One of the next big things in law firm websites: Video done right.

One of the next big things in law firm websites: Video done right.

Everyone who knows Adam Stock, the Director of Marketing and Business Development at California law firm Allen Matkins, understands that he is an early adopter of most things technology.  He's a capable developer, program and website designer and, in his spare time, he is Chair of the upcoming 2011 Legal Marketing Technology Conference in San Francisco - September 15, 2011.

I wanted his opinion about a new product we are launching - a mobile app ("Velocity") that facilitates cross-selling and relevant conversations with prospects and clients just-in-time - in restaurants, bars, at conferences, meetings or in cabs.  Content Pilot is formally launching Velocity at the SF LMA Tech conference - you can read our release here.

But this blog post isn't about Velocity, it's about the extraordinary video strategy and campaign that Adam has created and led over the last year.  Allen Matkins' website is not exemplar and Adam would be the first to admit it.  (The firm is in the middle of a redesign, which will be designed around video.)  View the videos on today's site as diamonds in the rough.

In the 2010 AmLaw 100 Websites: Ten Foundational Best Practices research sponsored by Content Pilot and conducted one year ago, 28.5% of the AmLaw 100 firms then had video on their websites.  This research didn't grade the quality of the video, just whether firms had it - and you can see that few did.  With a handful of exceptions, the videos showed lawyers talking about a development in the law, lawyers talking about firm culture or firm leaders talking about their commitment to diversity, their communities or how nice their people are.  The production value ranges from quite terrible to pretty good - but they are mostly not compelling and not differentiating. Most of the lawyers - even those with the best and enthusiastic intentions - come across as boring and dry. And the videos are always too long.

Adam says, "None of our videos show attorneys speaking into the camera - no talking heads." 

How does one find the time to script and shoot one video, let alone dozens?  The secret is leveraging your content - doing video versions of work that you are already doing, material that you are already publishing. He states that they create four categories of videos:

  1. Centered around a legal alert announcing a change in regulation or law (they do written and video alerts)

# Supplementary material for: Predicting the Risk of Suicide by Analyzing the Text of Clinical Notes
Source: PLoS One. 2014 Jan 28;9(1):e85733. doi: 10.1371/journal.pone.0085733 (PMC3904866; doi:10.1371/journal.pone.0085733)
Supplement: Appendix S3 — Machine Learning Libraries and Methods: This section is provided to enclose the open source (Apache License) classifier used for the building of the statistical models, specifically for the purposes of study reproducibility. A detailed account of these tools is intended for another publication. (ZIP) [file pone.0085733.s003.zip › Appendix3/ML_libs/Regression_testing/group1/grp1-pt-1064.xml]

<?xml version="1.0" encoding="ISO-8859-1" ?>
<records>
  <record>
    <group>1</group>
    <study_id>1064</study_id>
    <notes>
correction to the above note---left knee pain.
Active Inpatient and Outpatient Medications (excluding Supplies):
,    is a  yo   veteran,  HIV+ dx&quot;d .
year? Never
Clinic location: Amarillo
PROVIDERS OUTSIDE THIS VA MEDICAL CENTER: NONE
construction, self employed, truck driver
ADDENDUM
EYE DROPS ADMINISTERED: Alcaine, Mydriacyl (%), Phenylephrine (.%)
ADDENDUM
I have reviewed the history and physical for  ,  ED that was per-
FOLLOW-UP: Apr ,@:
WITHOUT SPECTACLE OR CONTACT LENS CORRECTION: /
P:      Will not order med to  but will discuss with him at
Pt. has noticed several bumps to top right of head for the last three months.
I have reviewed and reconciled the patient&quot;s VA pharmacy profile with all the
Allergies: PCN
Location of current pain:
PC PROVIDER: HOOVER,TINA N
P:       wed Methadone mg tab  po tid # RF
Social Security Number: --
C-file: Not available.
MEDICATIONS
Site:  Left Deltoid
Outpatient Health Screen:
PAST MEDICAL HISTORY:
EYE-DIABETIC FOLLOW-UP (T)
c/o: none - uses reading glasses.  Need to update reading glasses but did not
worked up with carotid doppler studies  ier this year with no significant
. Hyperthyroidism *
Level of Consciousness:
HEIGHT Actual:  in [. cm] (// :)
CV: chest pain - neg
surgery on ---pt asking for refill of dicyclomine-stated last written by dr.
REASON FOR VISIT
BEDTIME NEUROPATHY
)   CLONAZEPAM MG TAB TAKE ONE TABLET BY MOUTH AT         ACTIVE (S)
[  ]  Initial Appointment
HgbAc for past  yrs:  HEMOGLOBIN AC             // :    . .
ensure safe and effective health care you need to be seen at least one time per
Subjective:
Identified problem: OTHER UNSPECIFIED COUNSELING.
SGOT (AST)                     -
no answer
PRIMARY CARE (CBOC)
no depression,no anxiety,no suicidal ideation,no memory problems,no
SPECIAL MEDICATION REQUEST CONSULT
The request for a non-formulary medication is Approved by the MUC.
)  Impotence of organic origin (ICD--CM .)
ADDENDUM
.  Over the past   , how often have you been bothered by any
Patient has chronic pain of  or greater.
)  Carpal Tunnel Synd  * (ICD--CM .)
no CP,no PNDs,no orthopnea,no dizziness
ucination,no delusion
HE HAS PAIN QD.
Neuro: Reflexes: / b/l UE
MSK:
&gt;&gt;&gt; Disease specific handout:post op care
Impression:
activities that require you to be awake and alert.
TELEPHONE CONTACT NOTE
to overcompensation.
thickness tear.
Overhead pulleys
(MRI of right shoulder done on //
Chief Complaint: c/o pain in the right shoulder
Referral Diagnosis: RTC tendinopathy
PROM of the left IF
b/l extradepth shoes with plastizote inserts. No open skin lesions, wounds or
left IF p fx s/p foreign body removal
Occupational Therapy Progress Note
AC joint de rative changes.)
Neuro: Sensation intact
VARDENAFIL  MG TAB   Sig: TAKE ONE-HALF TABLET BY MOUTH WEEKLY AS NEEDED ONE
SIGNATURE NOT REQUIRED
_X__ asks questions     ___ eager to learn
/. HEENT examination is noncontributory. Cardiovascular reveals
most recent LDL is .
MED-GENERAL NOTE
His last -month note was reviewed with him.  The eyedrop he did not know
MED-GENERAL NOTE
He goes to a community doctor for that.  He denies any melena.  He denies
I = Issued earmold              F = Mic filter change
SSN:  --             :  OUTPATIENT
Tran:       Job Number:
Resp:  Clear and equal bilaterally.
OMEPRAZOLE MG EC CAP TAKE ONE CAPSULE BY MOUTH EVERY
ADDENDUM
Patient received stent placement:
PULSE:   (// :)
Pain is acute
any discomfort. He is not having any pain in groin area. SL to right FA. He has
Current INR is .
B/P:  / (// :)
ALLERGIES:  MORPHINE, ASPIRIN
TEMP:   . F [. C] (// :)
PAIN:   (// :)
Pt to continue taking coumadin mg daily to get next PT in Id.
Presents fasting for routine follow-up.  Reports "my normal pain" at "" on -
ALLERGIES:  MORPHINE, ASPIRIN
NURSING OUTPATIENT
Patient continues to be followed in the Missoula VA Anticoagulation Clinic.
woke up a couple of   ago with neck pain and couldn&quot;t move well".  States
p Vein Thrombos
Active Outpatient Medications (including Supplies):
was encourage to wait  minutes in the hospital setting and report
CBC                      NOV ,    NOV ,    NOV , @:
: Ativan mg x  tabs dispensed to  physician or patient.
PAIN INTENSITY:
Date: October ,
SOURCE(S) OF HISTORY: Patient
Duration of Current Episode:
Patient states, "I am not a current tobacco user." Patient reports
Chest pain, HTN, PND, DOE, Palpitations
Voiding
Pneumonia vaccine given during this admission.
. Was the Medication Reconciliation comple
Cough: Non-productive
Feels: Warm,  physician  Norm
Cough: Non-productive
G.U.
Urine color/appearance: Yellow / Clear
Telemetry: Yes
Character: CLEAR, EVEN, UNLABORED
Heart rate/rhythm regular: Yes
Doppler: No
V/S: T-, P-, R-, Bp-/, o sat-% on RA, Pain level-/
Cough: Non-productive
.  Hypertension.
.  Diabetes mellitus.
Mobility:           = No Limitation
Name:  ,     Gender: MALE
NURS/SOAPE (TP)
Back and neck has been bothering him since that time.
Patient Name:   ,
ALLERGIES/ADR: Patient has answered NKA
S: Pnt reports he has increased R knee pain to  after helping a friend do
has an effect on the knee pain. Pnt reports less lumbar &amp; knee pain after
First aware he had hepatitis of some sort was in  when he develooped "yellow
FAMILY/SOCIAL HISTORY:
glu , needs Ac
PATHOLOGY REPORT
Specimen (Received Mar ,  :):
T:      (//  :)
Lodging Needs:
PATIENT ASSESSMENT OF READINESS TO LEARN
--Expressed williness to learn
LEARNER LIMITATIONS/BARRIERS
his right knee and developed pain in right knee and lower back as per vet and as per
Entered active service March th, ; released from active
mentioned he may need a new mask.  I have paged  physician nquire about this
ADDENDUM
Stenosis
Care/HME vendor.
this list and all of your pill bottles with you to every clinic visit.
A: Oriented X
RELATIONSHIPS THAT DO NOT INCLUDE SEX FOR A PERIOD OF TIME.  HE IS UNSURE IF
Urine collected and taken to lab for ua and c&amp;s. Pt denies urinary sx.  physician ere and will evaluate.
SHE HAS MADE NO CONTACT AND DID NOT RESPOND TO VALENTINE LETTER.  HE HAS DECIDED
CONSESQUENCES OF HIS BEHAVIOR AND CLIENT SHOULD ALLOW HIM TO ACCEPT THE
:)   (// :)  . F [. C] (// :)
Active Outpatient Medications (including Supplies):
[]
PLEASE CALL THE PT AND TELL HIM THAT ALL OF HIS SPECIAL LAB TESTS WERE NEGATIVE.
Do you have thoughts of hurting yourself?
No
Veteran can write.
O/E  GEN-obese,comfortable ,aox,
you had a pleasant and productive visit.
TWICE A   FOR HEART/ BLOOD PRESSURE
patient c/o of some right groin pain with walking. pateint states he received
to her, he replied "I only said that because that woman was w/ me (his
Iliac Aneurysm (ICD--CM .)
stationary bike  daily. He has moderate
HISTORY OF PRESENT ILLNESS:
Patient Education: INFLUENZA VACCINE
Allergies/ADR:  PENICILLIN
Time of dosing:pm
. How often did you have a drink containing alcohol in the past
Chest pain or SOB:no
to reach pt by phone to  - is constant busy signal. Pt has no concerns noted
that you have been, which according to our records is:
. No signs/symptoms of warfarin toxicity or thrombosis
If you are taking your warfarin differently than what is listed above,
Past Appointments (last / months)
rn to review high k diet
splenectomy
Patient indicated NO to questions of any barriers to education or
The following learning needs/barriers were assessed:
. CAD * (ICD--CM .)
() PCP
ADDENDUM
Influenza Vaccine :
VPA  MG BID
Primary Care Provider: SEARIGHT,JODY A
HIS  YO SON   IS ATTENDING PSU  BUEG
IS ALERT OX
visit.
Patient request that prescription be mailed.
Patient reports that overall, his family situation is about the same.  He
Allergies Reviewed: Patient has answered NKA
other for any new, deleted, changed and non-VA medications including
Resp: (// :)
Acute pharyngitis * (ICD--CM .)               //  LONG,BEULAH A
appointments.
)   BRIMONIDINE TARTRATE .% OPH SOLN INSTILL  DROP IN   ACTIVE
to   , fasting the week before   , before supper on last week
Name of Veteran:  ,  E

2. Business tips and insight (frequently appearing in print on a blog)
  3. Press releases (also found in print on the Allen Matkins website)
  4. The firm's involvment in their communities (also noted on the firm's website and on Allen Matkins community blog).

Generally, he continues, "We focus on information that you didn't know you needed to know." Adam laughs and says, "What I love about this is - these are my products!  This is what my firm sells."  He believes (as I do) that the connection between a lawyer and a buyer of legal services can happen so much faster in video - in video done right. Visitors to your website get a visual/audio preview of what it's like to do business with you.

Here are links to examples of each of the four video types on the Allen Matkins' site.

  1. Legal alert: AT&T v. Concepcion Supreme Court Decision Upholds Agreements to Arbitrate and Avoid Class Actions
  2. Business tips/insight: Green Commercial Buildings: Attracting Environmentally Conscious Tenants
  3. Press release: Allen Matkins/UCLA Anderson Forecast California Commercial Real Estate Survey: Light at the End of Tunnel
  4. Community involvement: Women's Leadership Roundtable merges networking, charity and fashion - Allen Matkins Women

Knowing the time and cost associated with video scripting and production, I asked Adam about his budget.  I didn't get a number, but he said that they did an initial test with six videos.  "They performed really well.  We buy them in bulk to save time and money - we are on our third 20-video contract."  Adam added, "They don't need the highest production value."  They have to be good, but they don't have to be music-video good. 

Allen Matkins hires an outside professional who scripts and shoots the videos. Given that they have worked on nearly 60 videos together, the process and production is extremely efficient now - the cost is half what it would be if he were producing a single video.  Adam effectively serves as the producer and is a part of every shoot.

Other firms do it differently. Adam is speaking on several panels in the next few months with two other in-house marketers who are as committed to video on their websites, but where the execution differs.  Aden Dauchess, Director of Digital Media at Womble Carlyle Sandridge & Rice, an AmLaw 100 firm, made the case for bringing the video resources and talent in-house (Womble's YouTube Channel).  Graig Cortelyou, the CMO of Tully Rinckey PLLC (an employment firm headquartered in Albany, New York), works with local television news media, such as the CBS affiliate, to develop segments for the TullyLegal.com site.  There are dozens of videos on Tully's YouTube channel.

Allen Matkins also hosts their videos on YouTube and the firm has also experimented with other distribution channels, such as releasing them on GlobeSt.com and sending them out as alerts. They track views, which typically range from 50 views on the low end to 500 for the most popular videos.

Law firms of all sizes can have a video strategy, but it must be done right. Remember that bad video is worse than no video. It might differentiate you, but not in the way you'd like.

Read more insight at the Law Firm 4.0 Blog.

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